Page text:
Fourteen months after this letter, in October 2017, the new President of the Council, Ambassador Martelli, convened his organisational meeting. His hope was to present a series of efficiency reforms to the Council’s working methods and programme of work, drawn up over the preceding six months by a ‘Joint Task Force on the Workload of the Human Rights Council’ (that he had established), that would aim to, inter alia, save meeting time and demonstrate the Council’s ability to exercise self-discipline and bring the expansion of its workload under control. In return (the Ambassador and his Bureau hoped), the Council would be in a position to request – and secure – additional resources from the GA.
Unfortunately, after a series of informal consultations with States (both open and bilateral), Ambassador Martelli decided that the only ‘reform’ that could potentially command consensus among States was to reduce the time allotted to Council panel debates from three to two hours. Notwithstanding, this would still be, in his view, enough to demonstrate the Council’s ‘reformist credentials’ and thus be in a position to request additional resources from the GA. This request – basically for the GA to provide necessary support for an additional 20 fully serviced meetings for 2018 (though, somewhat bizarrely, the Council would promise to try not to use those extra resources) – was set out in a draft Decision presented to States on 20 October.
Thus an effort to rationalise and bring greater efficiency to the Council’s work had been transformed into a simple demand for more money.
Unsurprisingly, States were not impressed.
China, speaking on behalf of a group of States, including Cuba, Ecuador, Indonesia, Pakistan, the Russian Federation, and Saudi Arabia, stated that they could not support the draft Decision. Their main point was that the Council’s first response to problems around its workload and the proliferation of initiatives and mandates should be to reform and improve its methods of work and secure greater efficiency – it should not be to simply request more resources and meeting time. Moreover, those reforms should be agreed through broad and considered consultations, and should take a holistic approach (i.e. covering panels, UPR, Special Procedures, general debates, the agenda, speaking time, etc.) This and other interventions (both during the organisational meeting and in the form of Notes Verbales, for example by Peru), contained implicit criticisms of the reform processes undertaken by Presidents Choi Kyonglim and Martelli, suggesting that they had been too piecemeal and based on very narrow consultations with States.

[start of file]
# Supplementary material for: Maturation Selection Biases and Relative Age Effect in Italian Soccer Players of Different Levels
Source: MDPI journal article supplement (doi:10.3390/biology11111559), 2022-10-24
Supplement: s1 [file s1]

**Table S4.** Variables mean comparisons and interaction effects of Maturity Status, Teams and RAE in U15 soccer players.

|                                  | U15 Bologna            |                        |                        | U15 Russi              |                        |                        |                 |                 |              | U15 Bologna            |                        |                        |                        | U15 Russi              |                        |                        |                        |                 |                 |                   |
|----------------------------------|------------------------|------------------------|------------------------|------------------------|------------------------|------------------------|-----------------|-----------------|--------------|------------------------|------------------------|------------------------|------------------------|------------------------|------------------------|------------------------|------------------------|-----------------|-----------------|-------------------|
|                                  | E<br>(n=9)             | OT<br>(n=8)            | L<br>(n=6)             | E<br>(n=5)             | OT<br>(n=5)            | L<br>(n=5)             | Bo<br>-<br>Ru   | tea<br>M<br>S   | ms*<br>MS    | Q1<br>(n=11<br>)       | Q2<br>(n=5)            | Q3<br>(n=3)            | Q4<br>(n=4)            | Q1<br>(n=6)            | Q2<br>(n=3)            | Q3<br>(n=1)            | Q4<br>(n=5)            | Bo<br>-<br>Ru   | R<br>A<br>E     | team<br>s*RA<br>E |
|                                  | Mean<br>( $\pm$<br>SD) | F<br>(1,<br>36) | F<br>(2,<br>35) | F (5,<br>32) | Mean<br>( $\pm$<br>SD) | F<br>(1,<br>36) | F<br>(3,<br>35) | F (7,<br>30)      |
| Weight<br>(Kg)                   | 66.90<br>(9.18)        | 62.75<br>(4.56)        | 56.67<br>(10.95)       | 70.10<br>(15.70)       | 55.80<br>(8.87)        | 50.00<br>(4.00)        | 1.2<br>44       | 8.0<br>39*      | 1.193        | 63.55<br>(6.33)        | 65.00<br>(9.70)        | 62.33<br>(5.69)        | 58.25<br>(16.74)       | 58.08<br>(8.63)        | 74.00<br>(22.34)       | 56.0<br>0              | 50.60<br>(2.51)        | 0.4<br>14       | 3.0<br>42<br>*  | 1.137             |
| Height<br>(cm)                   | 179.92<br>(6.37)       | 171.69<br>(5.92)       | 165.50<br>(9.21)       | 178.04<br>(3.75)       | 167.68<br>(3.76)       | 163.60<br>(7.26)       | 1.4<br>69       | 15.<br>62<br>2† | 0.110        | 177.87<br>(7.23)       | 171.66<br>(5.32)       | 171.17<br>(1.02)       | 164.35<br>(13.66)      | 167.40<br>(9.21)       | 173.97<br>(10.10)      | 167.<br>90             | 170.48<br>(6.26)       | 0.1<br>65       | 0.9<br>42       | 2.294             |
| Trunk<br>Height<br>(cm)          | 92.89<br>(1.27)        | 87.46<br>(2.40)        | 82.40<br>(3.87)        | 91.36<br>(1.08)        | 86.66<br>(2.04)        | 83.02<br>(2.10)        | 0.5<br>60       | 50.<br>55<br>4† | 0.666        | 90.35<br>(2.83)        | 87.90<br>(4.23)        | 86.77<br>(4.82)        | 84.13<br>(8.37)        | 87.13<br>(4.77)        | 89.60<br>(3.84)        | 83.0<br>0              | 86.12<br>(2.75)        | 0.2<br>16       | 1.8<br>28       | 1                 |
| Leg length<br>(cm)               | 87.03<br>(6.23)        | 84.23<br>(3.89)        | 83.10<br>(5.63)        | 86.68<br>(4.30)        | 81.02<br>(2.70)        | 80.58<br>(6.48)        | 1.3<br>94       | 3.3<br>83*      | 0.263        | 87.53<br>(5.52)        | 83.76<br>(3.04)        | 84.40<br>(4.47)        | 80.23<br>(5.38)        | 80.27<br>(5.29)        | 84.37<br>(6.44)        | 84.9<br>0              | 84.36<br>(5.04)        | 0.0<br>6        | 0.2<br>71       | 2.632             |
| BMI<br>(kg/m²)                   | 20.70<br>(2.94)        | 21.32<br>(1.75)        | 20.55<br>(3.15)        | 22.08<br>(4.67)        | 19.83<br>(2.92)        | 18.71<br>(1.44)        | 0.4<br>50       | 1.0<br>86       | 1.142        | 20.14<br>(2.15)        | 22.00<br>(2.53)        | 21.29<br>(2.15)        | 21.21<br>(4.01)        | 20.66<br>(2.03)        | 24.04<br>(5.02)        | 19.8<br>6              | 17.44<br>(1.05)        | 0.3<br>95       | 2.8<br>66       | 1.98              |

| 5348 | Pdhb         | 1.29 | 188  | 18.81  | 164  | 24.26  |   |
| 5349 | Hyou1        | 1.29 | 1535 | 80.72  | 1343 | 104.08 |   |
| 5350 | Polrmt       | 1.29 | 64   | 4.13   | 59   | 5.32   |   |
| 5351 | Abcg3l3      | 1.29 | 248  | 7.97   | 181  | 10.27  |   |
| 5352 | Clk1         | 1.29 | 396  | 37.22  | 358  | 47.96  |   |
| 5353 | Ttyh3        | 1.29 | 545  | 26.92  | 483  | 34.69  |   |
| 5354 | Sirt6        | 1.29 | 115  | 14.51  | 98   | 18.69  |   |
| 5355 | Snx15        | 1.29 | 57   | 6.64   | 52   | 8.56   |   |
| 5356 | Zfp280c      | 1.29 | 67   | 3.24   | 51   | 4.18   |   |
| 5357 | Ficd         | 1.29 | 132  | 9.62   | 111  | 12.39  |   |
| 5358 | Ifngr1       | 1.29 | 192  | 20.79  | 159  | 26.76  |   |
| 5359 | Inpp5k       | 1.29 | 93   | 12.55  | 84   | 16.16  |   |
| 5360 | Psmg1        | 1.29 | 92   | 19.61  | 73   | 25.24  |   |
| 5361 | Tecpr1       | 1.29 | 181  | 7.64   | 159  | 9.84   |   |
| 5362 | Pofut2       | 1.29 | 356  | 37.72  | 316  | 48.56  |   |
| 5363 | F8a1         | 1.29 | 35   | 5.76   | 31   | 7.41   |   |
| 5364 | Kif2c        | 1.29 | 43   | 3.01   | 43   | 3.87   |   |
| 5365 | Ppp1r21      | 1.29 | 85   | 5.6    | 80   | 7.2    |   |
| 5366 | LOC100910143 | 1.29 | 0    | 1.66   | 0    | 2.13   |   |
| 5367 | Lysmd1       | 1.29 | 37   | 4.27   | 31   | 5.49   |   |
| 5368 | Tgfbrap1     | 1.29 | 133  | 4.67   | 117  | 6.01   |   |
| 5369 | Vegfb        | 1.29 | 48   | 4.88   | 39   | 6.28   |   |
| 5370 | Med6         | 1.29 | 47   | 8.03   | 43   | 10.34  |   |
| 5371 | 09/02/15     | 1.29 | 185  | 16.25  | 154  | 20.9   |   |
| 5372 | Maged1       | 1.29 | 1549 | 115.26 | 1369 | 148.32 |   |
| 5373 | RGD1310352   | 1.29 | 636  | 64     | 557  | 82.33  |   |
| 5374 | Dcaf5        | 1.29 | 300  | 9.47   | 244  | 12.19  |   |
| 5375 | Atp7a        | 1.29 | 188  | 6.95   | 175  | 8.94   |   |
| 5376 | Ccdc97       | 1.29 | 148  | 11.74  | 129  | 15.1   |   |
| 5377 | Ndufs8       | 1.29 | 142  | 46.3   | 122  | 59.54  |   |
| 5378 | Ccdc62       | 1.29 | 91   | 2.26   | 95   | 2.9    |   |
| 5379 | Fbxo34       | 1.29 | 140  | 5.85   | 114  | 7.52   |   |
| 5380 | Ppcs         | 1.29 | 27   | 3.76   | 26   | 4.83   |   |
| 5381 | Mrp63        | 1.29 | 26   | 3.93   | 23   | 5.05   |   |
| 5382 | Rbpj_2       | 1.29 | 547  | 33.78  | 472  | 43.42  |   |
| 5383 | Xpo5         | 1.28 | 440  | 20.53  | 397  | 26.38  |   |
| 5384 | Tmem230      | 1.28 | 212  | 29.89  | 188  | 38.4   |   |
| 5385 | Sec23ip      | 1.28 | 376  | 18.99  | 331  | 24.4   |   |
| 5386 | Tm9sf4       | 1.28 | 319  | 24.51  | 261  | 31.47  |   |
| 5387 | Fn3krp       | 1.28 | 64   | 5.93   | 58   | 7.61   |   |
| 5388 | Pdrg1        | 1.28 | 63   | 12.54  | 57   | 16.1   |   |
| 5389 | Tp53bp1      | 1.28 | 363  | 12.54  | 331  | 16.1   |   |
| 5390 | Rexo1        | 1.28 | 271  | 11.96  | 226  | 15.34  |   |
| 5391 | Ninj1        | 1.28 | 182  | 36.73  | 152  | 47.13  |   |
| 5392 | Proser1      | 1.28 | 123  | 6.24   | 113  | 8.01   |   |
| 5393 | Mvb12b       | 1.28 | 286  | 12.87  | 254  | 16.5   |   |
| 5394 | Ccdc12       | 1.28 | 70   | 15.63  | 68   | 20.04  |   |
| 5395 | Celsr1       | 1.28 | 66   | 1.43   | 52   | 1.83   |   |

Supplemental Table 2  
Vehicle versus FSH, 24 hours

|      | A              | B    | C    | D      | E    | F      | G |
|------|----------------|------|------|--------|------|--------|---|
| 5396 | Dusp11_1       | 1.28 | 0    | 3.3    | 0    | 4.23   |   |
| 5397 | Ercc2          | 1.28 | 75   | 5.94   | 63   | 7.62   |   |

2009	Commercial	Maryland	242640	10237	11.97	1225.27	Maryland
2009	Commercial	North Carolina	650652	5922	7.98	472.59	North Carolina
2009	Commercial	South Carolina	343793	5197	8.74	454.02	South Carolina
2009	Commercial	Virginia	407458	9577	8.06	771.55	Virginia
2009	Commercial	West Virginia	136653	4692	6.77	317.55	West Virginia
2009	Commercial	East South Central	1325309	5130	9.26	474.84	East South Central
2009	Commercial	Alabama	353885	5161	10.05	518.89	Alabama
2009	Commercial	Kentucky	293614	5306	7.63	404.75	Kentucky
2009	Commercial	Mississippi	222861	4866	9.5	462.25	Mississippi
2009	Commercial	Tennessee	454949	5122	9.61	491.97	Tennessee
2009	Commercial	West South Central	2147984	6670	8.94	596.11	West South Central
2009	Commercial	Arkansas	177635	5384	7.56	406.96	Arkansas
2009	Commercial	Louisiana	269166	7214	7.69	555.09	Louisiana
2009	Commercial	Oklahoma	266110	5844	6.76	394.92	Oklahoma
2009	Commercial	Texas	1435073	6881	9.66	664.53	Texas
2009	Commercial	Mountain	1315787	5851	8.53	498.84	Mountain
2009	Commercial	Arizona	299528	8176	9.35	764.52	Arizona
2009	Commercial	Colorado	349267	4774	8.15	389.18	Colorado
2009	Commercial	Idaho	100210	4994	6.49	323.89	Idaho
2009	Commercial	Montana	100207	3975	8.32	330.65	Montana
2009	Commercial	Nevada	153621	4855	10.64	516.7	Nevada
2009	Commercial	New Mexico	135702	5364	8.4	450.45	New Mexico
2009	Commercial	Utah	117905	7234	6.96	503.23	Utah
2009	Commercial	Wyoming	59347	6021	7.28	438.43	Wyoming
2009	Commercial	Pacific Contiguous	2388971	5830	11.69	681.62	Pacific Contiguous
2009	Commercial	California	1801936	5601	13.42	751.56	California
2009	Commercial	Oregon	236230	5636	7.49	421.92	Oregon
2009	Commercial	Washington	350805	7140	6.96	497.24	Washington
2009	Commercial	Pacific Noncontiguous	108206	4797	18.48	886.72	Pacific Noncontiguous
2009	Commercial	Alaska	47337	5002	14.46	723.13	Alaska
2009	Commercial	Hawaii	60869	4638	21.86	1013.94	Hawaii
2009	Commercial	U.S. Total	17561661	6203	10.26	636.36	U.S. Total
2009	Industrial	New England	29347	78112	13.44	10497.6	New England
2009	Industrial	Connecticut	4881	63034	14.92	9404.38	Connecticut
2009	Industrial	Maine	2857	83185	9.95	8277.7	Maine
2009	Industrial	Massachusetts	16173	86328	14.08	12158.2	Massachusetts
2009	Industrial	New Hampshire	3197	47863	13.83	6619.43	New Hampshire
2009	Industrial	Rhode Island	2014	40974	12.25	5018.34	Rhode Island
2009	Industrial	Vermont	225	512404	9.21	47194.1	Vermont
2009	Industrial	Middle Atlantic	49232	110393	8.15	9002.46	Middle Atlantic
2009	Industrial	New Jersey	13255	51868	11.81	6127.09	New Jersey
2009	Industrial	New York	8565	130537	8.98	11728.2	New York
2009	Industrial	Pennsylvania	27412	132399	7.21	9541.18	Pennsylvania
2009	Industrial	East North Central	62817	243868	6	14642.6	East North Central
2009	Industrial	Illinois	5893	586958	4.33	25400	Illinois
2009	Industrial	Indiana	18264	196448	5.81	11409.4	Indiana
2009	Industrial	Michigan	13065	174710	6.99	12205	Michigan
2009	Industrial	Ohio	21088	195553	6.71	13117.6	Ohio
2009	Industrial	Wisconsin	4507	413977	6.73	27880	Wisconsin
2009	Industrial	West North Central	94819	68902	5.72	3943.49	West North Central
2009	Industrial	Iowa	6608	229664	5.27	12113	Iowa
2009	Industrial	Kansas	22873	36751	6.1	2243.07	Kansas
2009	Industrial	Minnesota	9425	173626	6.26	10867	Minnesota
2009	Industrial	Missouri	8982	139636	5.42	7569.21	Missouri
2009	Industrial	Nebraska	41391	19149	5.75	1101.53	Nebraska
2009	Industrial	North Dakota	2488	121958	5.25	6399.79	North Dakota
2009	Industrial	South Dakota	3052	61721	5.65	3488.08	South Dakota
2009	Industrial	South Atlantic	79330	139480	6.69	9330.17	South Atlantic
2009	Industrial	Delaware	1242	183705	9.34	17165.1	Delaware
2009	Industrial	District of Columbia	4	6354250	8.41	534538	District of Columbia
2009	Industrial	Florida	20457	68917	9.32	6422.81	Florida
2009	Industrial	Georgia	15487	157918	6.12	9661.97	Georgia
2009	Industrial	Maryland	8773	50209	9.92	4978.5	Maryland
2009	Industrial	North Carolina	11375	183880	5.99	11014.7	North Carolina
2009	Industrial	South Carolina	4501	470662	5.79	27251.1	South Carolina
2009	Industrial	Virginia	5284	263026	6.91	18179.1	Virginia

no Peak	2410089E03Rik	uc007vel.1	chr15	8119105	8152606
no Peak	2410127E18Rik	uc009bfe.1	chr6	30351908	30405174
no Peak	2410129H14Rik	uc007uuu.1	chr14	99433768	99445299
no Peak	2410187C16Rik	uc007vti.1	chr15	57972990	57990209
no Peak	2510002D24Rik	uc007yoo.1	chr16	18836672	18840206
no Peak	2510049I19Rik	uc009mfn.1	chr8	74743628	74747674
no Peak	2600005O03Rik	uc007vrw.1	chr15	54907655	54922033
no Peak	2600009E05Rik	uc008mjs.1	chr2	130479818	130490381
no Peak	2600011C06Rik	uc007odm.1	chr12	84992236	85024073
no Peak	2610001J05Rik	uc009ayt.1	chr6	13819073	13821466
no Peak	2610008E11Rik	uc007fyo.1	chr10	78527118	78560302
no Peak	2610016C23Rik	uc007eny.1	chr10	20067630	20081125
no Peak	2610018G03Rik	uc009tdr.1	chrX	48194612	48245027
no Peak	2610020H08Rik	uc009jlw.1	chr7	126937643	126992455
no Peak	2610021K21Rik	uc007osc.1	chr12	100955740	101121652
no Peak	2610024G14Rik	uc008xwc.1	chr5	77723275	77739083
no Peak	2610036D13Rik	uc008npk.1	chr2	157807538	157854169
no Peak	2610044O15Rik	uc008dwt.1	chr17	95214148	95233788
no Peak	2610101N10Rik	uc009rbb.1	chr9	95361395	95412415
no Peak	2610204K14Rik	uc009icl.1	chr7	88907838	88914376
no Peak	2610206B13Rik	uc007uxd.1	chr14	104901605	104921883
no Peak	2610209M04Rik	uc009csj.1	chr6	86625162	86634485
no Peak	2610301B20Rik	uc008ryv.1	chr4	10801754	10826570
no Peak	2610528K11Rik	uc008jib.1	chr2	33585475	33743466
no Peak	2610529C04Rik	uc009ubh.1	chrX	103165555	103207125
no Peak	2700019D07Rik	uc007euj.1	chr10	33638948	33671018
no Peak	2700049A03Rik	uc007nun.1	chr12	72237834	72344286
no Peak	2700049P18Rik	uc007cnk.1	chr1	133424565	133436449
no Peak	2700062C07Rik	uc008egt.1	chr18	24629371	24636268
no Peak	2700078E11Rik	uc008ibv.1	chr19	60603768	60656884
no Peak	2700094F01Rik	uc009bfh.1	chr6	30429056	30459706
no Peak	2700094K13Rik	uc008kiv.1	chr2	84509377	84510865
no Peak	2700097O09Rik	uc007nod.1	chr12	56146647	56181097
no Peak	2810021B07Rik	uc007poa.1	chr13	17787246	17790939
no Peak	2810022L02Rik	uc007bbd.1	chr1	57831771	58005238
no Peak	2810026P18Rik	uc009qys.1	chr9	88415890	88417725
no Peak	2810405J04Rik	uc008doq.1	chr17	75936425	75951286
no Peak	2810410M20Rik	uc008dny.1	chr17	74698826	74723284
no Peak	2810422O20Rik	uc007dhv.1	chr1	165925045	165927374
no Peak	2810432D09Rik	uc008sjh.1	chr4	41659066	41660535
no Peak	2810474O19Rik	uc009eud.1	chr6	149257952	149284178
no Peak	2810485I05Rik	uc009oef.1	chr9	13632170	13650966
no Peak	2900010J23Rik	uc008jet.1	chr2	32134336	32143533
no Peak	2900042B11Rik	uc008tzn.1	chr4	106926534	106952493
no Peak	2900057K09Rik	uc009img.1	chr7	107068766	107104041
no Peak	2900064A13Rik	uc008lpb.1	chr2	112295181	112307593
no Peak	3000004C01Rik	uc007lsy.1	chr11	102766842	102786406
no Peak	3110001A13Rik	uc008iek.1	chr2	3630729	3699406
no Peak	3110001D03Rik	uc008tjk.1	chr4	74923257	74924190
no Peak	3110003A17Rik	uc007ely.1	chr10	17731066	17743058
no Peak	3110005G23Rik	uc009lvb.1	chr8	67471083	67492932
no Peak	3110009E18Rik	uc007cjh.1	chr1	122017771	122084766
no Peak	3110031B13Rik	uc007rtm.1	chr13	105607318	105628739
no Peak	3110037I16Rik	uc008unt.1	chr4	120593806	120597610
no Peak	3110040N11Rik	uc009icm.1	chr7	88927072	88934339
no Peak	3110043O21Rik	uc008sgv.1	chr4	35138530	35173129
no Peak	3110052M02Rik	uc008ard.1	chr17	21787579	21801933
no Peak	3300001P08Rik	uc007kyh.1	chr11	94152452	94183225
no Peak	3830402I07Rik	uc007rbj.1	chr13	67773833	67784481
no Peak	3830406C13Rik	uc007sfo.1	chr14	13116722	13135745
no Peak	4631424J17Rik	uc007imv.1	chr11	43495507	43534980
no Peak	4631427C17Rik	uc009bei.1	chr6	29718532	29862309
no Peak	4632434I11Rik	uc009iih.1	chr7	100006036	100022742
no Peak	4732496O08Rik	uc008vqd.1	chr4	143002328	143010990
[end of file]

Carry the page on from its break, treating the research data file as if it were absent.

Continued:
Building on this statement, the Russian Federation acknowledged the need for reform of working methods, but said that those reforms should lead to durable long-term solutions, rather than stopgaps. The Russian Federation also reiterated that reforms should be drawn up following open and inclusive consultations, perhaps guided by one or more facilitators, who would then present proposals to the Council.
Even those States that nominally supported the draft Decision (e.g. Albania), recognised that it was a very limited and short-term response to an increasingly important problem.
Looking ahead, the Council’s decision not to endorse the President’s proposals has two consequences. First, in the short term, it means that Council will struggle to fit its planned programme of work for 2018 into the conference service limitations set by the UN Director-General. Some estimate a likely shortfall of 18 meetings. Second, in the longer term, the experience of the past three years demonstrates that the reforms and improvements that are now urgently needed cannot be secured by ad hoc or piecemeal ‘technical’ exercises by individual Presidents. Rather they must flow from an inclusive and holistic process of institutional review and reflection, premised on securing agreement of urgent reforms, but also on feeding into the next Council review at the GA, due to begin in 2021.
 Belarus, Bolivia (Plurinational State of), China, Cuba, Ecuador, Indonesia, Malaysia, Nicaragua, Pakistan, Russian Federation, Saudi-Arabia, Turkmenistan, Venezuela (Bolivarian Republic of).
Feature photo: A general view of participants at the 16th Session of the Human Rights Council, Switzerland, 21 March 2011, UN Photo/Jean-Marc Ferré licensed under CC BY-NC-ND 2.0.